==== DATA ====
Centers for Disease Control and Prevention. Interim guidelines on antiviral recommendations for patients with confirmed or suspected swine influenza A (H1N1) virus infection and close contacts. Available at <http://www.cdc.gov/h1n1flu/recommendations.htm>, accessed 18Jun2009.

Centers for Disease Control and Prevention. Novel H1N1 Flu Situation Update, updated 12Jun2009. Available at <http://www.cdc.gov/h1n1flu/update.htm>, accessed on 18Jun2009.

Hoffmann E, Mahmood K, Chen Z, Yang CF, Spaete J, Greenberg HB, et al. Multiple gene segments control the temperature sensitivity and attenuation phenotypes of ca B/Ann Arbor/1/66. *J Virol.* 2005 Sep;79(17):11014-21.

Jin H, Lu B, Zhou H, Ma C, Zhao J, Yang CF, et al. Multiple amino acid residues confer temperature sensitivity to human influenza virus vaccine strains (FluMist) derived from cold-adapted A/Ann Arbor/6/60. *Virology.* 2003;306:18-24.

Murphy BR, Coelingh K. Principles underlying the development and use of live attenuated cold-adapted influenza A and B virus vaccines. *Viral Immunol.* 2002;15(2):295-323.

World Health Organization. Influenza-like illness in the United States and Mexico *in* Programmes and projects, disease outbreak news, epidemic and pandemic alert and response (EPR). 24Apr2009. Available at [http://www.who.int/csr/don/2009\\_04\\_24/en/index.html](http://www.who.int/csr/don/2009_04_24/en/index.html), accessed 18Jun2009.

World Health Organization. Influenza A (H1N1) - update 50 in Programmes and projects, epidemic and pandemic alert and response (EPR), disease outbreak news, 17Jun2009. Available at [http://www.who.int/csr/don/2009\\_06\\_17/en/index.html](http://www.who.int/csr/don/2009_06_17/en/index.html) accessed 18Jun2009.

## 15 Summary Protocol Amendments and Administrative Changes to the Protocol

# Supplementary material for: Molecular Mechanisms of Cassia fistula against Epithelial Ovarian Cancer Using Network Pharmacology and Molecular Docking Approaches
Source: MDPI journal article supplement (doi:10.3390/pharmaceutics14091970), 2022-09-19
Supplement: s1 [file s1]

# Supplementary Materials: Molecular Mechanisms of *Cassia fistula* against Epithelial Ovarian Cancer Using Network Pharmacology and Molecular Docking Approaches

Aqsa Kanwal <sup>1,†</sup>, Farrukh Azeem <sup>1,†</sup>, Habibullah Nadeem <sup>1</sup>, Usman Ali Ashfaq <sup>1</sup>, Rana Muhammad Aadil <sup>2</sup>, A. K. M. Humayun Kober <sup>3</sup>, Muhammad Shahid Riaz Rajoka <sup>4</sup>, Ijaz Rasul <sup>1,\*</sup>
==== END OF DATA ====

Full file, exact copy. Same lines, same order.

Centers for Disease Control and Prevention. Interim guidelines on antiviral recommendations for patients with confirmed or suspected swine influenza A (H1N1) virus infection and close contacts. Available at <http://www.cdc.gov/h1n1flu/recommendations.htm>, accessed 18Jun2009.

Centers for Disease Control and Prevention. Novel H1N1 Flu Situation Update, updated 12Jun2009. Available at <http://www.cdc.gov/h1n1flu/update.htm>, accessed on 18Jun2009.

Hoffmann E, Mahmood K, Chen Z, Yang CF, Spaete J, Greenberg HB, et al. Multiple gene segments control the temperature sensitivity and attenuation phenotypes of ca B/Ann Arbor/1/66. *J Virol.* 2005 Sep;79(17):11014-21.

Jin H, Lu B, Zhou H, Ma C, Zhao J, Yang CF, et al. Multiple amino acid residues confer temperature sensitivity to human influenza virus vaccine strains (FluMist) derived from cold-adapted A/Ann Arbor/6/60. *Virology.* 2003;306:18-24.

Murphy BR, Coelingh K. Principles underlying the development and use of live attenuated cold-adapted influenza A and B virus vaccines. *Viral Immunol.* 2002;15(2):295-323.

World Health Organization. Influenza-like illness in the United States and Mexico *in* Programmes and projects, disease outbreak news, epidemic and pandemic alert and response (EPR). 24Apr2009. Available at [http://www.who.int/csr/don/2009\\_04\\_24/en/index.html](http://www.who.int/csr/don/2009_04_24/en/index.html), accessed 18Jun2009.

World Health Organization. Influenza A (H1N1) - update 50 in Programmes and projects, epidemic and pandemic alert and response (EPR), disease outbreak news, 17Jun2009. Available at [http://www.who.int/csr/don/2009\\_06\\_17/en/index.html](http://www.who.int/csr/don/2009_06_17/en/index.html) accessed 18Jun2009.

## 15 Summary Protocol Amendments and Administrative Changes to the Protocol

# Supplementary material for: Molecular Mechanisms of Cassia fistula against Epithelial Ovarian Cancer Using Network Pharmacology and Molecular Docking Approaches
Source: MDPI journal article supplement (doi:10.3390/pharmaceutics14091970), 2022-09-19
Supplement: s1 [file s1]

# Supplementary Materials: Molecular Mechanisms of *Cassia fistula* against Epithelial Ovarian Cancer Using Network Pharmacology and Molecular Docking Approaches

Aqsa Kanwal <sup>1,†</sup>, Farrukh Azeem <sup>1,†</sup>, Habibullah Nadeem <sup>1</sup>, Usman Ali Ashfaq <sup>1</sup>, Rana Muhammad Aadil <sup>2</sup>, A. K. M. Humayun Kober <sup>3</sup>, Muhammad Shahid Riaz Rajoka <sup>4</sup>, Ijaz Rasul <sup>1,\*</sup>